On the other hand, Tonya and I use mainstream applications that don't take advantage of the Velocity Engine (also known as AltiVec) unit in the PowerPC chips. The impression I've gotten from talking with developers is that software that relies on the Velocity Engine will require significantly more effort to port to the Intel architecture; as such, users who rely on audio or video software may find themselves waiting for versions that will run on new Intel-based Macs, or they may find their software improving at a slower rate in situations where developers choose to concentrate on porting to Intel chips instead of adding new features. So, some users will likely suffer in the transition, or find themselves limited in the Macs they can buy and use in the 2 to 4 year time-frame.

  3. I don't see any significant philosophical difference between Intel and IBM as Apple's primary chip supplier. There's no underdog here, just a bunch of 600-pound gorillas, and I certainly hope that Intel can meet Apple's need for chips better than IBM and Motorola/Freescale have over the years. Even if I was horribly offended by Apple's move for some reason, what's the alternative? Switching away from a Mac would entail using an x86-based chip (though a system could be purchased from AMD rather than Intel), so that doesn't seem like much of a statement. And switching would also require using Windows or some flavor of Unix; to my mind that would be a matter of cutting off my nose to spite my face.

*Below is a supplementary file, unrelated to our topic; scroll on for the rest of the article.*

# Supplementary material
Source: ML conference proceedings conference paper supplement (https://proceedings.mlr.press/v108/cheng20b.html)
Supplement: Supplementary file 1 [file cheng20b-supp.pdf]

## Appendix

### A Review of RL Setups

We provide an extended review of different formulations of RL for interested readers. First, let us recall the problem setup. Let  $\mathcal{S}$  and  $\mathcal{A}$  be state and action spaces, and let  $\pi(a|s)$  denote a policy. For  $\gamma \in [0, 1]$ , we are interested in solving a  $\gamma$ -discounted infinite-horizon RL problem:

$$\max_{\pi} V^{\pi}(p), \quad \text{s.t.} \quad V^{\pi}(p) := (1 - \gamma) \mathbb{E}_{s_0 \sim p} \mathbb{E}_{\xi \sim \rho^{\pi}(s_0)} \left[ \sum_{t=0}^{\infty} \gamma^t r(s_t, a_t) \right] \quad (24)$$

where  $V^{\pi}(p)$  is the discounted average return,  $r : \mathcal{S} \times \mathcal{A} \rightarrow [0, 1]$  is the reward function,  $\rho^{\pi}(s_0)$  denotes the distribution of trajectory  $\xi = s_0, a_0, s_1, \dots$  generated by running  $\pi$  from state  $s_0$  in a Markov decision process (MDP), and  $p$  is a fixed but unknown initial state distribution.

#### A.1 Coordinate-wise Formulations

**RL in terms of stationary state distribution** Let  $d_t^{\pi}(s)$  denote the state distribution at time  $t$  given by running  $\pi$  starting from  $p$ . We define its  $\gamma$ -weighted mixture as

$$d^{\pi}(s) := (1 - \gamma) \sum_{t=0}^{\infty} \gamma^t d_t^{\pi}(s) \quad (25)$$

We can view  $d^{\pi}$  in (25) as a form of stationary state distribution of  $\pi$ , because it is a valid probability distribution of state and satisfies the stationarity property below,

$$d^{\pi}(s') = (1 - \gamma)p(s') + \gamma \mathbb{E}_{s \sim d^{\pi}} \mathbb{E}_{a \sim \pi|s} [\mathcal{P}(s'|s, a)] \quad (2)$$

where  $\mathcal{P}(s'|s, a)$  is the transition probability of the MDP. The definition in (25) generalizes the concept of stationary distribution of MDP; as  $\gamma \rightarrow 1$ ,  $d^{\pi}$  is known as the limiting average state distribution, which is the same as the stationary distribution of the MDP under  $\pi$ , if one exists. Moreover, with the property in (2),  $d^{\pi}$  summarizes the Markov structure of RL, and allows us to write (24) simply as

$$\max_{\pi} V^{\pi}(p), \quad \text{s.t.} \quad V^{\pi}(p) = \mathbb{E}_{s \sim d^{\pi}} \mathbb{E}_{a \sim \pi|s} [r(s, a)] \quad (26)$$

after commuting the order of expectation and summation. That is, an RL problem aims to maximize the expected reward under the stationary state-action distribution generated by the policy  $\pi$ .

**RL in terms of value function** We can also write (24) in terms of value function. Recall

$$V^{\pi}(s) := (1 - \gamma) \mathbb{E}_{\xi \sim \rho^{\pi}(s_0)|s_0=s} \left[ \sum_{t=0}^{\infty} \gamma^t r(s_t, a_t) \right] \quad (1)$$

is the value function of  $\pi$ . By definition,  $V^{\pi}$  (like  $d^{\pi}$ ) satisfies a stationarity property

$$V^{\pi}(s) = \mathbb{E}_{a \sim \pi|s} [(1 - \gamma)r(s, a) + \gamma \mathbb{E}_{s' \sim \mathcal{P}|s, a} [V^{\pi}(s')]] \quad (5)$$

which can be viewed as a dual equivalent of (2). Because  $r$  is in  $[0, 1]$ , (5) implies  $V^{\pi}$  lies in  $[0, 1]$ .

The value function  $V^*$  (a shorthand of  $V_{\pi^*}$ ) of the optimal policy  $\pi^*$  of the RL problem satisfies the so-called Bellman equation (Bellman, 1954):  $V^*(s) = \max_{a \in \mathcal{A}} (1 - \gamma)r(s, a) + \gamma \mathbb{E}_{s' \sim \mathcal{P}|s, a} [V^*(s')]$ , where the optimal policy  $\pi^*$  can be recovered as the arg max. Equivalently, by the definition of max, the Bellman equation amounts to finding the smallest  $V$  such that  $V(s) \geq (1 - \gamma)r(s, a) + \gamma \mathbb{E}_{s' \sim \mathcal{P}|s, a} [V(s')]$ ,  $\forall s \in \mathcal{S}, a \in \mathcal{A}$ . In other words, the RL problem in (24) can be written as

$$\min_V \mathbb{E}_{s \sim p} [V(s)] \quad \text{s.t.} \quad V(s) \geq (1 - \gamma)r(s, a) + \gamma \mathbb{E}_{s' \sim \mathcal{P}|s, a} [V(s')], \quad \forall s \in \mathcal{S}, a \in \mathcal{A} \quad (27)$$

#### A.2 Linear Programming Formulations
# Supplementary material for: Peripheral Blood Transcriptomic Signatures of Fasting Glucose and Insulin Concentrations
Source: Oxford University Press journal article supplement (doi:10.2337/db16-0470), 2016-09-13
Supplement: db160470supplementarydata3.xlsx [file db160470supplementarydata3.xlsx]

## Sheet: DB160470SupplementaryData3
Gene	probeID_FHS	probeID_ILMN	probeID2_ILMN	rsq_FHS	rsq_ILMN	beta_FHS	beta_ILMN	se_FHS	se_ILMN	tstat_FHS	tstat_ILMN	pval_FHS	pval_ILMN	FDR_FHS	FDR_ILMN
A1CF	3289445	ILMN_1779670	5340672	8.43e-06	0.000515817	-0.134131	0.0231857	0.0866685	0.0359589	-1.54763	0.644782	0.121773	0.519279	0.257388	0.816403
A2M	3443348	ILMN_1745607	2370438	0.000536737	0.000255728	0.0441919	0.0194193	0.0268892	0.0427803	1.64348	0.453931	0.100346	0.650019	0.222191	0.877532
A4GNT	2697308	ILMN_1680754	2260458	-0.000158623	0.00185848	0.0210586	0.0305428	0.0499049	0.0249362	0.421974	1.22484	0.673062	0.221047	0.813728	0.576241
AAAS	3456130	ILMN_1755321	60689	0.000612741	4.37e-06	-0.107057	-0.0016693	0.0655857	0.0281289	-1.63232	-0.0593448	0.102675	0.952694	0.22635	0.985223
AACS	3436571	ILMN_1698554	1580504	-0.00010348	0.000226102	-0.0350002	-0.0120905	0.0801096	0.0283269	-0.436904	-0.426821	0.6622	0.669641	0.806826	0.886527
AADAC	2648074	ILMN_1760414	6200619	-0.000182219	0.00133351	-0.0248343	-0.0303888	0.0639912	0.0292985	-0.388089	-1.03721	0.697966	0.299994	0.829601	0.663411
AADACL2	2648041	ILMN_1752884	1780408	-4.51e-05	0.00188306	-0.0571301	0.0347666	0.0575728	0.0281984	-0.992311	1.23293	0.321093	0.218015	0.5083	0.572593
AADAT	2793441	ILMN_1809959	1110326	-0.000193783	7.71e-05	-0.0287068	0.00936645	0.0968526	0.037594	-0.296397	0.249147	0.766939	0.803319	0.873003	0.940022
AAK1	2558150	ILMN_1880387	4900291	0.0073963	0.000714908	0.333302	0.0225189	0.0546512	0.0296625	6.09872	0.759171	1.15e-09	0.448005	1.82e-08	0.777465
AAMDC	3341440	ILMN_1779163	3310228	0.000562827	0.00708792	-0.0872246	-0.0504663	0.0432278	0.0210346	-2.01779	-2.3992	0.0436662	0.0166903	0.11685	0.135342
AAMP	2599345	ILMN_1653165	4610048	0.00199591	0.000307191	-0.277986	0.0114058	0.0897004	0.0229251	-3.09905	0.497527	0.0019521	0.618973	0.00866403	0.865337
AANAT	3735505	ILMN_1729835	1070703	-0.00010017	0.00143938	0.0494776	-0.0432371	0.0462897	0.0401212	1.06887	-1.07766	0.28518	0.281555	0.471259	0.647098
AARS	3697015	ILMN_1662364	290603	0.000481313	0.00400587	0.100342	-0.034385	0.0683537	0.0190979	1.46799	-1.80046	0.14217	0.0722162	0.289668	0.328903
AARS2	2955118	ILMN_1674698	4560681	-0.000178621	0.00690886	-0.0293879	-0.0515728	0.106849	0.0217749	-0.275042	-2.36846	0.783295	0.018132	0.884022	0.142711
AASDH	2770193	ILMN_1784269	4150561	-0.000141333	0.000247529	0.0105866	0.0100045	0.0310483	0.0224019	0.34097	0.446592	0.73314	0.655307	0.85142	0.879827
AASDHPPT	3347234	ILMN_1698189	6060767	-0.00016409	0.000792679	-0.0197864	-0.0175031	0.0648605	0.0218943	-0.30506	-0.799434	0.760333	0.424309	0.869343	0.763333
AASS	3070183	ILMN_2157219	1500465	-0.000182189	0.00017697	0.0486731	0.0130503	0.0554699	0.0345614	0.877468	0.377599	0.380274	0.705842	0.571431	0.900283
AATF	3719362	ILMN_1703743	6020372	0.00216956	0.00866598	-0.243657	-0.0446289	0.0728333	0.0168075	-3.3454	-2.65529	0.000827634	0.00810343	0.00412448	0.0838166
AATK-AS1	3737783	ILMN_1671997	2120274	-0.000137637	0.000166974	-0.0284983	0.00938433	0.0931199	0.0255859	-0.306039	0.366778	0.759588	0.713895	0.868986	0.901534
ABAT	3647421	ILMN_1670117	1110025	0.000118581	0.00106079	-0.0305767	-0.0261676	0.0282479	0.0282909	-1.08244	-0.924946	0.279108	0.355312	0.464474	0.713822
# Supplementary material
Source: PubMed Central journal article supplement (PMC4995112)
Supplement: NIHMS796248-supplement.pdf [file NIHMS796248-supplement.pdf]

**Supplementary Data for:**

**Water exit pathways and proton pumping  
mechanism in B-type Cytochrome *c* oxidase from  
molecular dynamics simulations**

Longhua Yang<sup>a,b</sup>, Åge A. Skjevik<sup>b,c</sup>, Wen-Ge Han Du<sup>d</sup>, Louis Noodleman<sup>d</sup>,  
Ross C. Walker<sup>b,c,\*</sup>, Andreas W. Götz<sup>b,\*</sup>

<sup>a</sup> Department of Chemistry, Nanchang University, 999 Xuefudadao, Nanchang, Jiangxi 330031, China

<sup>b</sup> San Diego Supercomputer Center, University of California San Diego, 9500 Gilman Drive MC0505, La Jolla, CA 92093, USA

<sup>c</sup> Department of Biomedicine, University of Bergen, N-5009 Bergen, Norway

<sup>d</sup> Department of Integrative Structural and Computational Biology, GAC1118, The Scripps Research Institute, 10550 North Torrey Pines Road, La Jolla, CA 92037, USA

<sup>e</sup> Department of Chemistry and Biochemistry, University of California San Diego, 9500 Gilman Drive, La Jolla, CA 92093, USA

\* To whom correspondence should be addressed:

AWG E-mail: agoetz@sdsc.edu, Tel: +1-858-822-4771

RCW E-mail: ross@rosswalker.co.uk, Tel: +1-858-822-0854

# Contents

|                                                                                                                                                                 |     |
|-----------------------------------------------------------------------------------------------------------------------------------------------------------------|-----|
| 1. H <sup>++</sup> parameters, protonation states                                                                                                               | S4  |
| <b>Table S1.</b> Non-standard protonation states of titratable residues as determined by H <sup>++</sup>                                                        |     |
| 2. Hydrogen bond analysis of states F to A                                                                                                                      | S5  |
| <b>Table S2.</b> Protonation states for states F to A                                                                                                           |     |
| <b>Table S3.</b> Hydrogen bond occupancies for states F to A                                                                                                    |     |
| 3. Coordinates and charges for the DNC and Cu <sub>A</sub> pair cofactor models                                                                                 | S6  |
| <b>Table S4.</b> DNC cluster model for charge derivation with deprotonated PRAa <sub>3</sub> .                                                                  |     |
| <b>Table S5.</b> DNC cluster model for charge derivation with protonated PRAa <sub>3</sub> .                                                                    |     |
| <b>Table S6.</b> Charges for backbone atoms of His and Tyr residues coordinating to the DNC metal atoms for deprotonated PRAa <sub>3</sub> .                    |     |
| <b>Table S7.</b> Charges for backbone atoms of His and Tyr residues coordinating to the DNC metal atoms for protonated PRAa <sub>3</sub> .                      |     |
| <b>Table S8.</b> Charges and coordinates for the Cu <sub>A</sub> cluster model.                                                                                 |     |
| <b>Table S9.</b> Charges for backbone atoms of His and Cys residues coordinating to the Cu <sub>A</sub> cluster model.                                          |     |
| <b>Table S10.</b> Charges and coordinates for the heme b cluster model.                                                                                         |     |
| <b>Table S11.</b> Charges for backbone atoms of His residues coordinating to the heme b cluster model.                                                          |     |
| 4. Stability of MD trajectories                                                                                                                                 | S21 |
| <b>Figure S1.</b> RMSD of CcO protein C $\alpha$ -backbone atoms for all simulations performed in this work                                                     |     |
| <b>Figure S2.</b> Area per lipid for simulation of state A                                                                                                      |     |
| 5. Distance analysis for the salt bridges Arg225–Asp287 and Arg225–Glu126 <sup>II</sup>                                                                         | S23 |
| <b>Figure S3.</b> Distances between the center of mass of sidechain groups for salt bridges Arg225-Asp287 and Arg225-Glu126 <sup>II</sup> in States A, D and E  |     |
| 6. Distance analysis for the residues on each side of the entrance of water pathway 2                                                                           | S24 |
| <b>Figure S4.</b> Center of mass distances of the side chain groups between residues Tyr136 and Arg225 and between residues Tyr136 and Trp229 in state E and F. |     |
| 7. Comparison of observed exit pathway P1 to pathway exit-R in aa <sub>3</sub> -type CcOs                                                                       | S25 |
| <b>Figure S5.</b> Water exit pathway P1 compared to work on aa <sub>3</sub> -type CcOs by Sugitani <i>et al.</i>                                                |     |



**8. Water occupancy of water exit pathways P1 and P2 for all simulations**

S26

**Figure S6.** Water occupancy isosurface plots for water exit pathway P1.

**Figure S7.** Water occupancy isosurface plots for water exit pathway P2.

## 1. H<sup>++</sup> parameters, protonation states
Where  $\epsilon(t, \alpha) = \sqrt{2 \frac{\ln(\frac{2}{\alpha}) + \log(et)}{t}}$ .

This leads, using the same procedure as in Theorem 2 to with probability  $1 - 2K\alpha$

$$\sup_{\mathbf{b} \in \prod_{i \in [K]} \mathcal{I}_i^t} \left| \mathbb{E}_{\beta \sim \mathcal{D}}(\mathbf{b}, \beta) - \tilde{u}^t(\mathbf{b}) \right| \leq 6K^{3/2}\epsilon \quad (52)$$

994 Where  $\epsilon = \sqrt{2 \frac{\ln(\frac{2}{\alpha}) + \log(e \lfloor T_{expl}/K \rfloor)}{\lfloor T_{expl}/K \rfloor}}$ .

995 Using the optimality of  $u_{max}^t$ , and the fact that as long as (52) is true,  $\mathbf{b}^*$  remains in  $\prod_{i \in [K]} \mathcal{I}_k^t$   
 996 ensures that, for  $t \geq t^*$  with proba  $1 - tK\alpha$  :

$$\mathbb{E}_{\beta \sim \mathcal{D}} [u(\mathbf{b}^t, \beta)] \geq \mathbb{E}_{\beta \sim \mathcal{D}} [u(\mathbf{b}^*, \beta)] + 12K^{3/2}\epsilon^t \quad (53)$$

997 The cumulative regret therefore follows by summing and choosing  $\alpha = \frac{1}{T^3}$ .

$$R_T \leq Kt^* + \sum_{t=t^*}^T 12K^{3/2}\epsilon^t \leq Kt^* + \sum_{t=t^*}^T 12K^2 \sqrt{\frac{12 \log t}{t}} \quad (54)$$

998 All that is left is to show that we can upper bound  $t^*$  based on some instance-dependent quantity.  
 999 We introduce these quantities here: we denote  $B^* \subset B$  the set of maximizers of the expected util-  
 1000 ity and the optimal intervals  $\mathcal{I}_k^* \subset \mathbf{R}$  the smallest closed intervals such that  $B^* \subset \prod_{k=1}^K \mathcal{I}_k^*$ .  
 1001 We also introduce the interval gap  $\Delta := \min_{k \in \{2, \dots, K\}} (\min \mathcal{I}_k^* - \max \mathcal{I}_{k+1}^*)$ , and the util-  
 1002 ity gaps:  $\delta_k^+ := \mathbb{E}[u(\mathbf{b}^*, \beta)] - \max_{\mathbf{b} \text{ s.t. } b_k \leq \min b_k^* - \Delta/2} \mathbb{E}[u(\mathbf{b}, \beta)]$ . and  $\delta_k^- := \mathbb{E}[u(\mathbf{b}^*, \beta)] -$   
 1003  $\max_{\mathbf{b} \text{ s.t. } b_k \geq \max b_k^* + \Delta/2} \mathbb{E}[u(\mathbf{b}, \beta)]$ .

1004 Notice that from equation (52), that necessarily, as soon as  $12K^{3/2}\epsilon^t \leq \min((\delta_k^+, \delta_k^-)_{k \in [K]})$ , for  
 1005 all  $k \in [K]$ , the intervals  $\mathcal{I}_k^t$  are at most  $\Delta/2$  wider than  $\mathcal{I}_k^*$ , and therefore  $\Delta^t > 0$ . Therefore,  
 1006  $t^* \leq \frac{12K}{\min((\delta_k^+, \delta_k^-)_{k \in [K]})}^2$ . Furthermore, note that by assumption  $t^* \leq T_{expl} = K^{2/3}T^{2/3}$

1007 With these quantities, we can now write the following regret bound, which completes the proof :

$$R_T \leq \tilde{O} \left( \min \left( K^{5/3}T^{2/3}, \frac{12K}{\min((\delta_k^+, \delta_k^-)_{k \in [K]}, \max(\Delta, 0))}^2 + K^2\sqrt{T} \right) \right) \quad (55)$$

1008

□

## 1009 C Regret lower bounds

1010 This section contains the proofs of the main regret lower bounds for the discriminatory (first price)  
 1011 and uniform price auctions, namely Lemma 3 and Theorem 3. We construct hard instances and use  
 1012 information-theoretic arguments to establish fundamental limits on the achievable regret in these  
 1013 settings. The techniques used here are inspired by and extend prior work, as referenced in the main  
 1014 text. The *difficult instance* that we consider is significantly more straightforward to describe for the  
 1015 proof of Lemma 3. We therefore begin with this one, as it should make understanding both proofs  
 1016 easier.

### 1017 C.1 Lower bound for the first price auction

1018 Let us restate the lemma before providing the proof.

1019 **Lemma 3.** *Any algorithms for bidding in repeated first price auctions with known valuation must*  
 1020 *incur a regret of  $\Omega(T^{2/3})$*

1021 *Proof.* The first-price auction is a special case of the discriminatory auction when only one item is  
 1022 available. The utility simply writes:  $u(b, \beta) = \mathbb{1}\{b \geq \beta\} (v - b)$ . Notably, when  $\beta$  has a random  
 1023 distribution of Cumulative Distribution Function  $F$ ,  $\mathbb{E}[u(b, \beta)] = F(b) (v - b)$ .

That said, if you feel betrayed by Apple, it's not entirely surprising. After all, it wasn't long ago that Steve Jobs featured demonstrations of how the PowerPC beat the pants off the Pentium in head-to-head Photoshop tests. In other words, Apple has played up the us-versus-them mentality at the chip level, and is now paying the price with a certain set of customers.

Final Thoughts -- In the end, I see no reason we shouldn't take Steve Jobs at his word with regard to why Apple announced this switch. It's not so much about which chips are available today as what Apple sees as being available in several years. Despite the fact that Apple has been compiling Mac OS X for Intel chips all along, there's no question that the transition will require a lot of effort for Apple and for Macintosh developers. It's not a decision Apple would have made lightly, and for the most part, neither Apple nor developers gain anything by it in the short term. But in the long term, if Apple has made the right decision, the Mac will benefit with increased performance across the line. Users will like the increased performance and design possibilities opened up for Apple, as well as the increased performance for Windows applications. And if all that is true, Apple will sell more Macs and increase the size of the market for developers.

But that's all in the future. For now, the announcement means great PR for Intel, a lot of work for Apple and Mac developers, and business as usual for the rest of us.